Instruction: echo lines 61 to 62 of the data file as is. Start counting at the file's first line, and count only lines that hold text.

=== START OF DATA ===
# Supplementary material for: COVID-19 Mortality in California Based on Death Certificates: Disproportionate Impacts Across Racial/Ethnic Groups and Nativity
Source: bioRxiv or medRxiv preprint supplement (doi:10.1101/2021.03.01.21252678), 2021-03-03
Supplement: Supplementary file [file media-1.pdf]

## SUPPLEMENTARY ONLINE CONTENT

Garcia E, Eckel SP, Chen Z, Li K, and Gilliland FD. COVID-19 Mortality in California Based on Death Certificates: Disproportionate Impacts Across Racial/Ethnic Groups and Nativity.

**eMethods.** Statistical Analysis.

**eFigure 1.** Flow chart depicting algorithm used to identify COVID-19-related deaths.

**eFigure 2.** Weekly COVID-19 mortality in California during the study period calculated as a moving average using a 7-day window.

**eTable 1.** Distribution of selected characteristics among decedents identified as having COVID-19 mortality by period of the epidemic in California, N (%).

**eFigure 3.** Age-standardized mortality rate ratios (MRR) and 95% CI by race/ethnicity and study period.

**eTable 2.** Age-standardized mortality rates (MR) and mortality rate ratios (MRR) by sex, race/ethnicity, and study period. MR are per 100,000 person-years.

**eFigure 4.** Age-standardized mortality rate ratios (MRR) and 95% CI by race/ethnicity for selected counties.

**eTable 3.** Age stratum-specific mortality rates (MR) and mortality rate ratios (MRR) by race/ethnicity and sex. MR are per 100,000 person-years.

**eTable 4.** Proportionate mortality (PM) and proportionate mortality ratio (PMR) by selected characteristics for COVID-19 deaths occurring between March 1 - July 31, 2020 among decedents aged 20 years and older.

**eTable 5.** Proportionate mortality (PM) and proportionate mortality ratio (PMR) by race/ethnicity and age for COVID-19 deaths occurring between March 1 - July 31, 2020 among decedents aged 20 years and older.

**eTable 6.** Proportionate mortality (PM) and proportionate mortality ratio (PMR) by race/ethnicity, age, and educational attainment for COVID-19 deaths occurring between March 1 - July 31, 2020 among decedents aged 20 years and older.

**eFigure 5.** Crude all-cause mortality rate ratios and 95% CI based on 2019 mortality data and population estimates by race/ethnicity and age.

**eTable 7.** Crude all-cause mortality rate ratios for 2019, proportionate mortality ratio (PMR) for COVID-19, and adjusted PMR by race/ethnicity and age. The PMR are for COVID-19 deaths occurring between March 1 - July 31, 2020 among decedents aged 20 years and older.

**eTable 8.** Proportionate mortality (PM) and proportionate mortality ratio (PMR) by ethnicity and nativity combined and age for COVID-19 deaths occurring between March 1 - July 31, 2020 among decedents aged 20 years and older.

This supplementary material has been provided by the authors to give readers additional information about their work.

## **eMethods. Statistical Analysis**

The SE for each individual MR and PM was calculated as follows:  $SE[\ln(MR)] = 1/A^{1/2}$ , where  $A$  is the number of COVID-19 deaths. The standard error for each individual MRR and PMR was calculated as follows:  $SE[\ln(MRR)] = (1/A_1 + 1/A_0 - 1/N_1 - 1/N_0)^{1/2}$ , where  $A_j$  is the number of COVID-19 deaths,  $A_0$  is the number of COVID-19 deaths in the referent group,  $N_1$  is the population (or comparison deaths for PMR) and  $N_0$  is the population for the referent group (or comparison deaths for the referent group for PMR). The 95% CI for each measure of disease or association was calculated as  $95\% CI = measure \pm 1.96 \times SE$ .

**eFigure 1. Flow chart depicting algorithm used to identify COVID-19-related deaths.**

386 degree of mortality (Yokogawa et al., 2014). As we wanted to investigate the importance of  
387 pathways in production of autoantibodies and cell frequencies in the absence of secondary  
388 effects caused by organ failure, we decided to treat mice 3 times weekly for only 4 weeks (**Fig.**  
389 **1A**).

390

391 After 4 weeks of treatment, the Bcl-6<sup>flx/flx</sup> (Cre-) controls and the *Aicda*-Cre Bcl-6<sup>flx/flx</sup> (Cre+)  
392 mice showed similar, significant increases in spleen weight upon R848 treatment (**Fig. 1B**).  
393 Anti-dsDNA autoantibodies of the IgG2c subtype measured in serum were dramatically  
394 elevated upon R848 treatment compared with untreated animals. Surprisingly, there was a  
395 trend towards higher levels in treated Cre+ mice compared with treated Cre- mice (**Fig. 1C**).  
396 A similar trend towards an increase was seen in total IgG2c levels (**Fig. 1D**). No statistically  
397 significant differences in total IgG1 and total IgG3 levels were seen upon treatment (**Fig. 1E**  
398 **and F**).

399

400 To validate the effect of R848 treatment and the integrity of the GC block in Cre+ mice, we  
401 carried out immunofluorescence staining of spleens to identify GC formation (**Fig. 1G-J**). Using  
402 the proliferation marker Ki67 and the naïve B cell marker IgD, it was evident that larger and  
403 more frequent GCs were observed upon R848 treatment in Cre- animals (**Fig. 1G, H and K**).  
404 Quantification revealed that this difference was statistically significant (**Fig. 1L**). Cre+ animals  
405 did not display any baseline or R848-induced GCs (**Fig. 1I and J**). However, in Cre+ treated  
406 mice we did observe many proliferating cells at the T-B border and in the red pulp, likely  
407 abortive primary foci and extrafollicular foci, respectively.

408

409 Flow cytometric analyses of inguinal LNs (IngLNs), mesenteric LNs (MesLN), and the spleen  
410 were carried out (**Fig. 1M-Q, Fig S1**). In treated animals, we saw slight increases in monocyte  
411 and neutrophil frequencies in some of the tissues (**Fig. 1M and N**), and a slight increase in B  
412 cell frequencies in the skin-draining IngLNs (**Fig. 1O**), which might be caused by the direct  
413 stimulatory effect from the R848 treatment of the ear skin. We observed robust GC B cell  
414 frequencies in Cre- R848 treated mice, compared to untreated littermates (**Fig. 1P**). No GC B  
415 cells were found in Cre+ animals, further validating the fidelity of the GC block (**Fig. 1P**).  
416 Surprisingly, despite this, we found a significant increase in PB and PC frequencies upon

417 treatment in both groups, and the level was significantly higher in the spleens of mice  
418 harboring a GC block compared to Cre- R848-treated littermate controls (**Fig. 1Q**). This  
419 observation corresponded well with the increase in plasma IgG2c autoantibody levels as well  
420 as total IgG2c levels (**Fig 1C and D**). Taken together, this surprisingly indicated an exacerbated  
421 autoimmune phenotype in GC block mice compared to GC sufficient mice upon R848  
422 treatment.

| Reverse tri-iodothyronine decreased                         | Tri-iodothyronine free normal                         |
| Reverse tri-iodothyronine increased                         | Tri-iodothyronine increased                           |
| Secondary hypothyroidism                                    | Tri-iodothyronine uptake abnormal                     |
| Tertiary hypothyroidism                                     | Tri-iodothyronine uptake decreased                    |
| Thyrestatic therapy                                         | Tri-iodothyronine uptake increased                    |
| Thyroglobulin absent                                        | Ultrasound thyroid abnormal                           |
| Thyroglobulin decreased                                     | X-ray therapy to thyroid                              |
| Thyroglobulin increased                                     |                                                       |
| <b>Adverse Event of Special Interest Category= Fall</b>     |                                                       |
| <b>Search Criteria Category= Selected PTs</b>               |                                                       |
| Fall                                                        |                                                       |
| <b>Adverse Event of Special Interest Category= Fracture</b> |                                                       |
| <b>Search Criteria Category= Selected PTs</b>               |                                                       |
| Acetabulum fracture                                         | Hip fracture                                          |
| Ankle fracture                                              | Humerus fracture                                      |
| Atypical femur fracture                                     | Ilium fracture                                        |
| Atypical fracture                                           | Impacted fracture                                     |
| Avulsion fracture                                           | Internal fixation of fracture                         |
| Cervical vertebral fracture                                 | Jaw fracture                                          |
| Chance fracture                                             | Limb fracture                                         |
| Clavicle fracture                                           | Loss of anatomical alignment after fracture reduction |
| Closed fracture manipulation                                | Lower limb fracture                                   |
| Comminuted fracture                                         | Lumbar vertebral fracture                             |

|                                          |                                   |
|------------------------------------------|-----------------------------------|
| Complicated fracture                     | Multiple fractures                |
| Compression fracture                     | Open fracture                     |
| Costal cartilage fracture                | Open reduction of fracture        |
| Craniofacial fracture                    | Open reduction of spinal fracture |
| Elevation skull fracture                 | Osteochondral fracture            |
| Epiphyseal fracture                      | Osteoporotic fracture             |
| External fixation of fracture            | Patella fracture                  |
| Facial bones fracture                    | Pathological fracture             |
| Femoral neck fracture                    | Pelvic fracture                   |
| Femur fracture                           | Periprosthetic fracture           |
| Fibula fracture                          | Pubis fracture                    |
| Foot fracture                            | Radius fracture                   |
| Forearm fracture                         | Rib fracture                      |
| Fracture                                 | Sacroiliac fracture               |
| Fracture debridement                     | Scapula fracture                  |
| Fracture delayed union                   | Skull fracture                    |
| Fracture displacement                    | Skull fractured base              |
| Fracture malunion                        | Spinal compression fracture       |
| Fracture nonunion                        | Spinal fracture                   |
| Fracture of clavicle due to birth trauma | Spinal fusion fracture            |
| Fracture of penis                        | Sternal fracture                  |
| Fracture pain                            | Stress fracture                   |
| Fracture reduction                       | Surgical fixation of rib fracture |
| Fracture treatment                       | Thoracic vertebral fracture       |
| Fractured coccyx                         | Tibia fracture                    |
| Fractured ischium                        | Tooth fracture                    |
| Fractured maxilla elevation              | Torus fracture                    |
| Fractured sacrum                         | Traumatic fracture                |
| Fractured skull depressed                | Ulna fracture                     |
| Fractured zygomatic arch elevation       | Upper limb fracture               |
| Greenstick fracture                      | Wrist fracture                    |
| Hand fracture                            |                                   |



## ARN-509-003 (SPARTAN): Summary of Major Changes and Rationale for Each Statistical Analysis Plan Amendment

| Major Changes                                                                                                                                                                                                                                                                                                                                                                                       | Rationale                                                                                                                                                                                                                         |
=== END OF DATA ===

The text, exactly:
| Reverse tri-iodothyronine decreased                         | Tri-iodothyronine free normal                         |
| Reverse tri-iodothyronine increased                         | Tri-iodothyronine increased                           |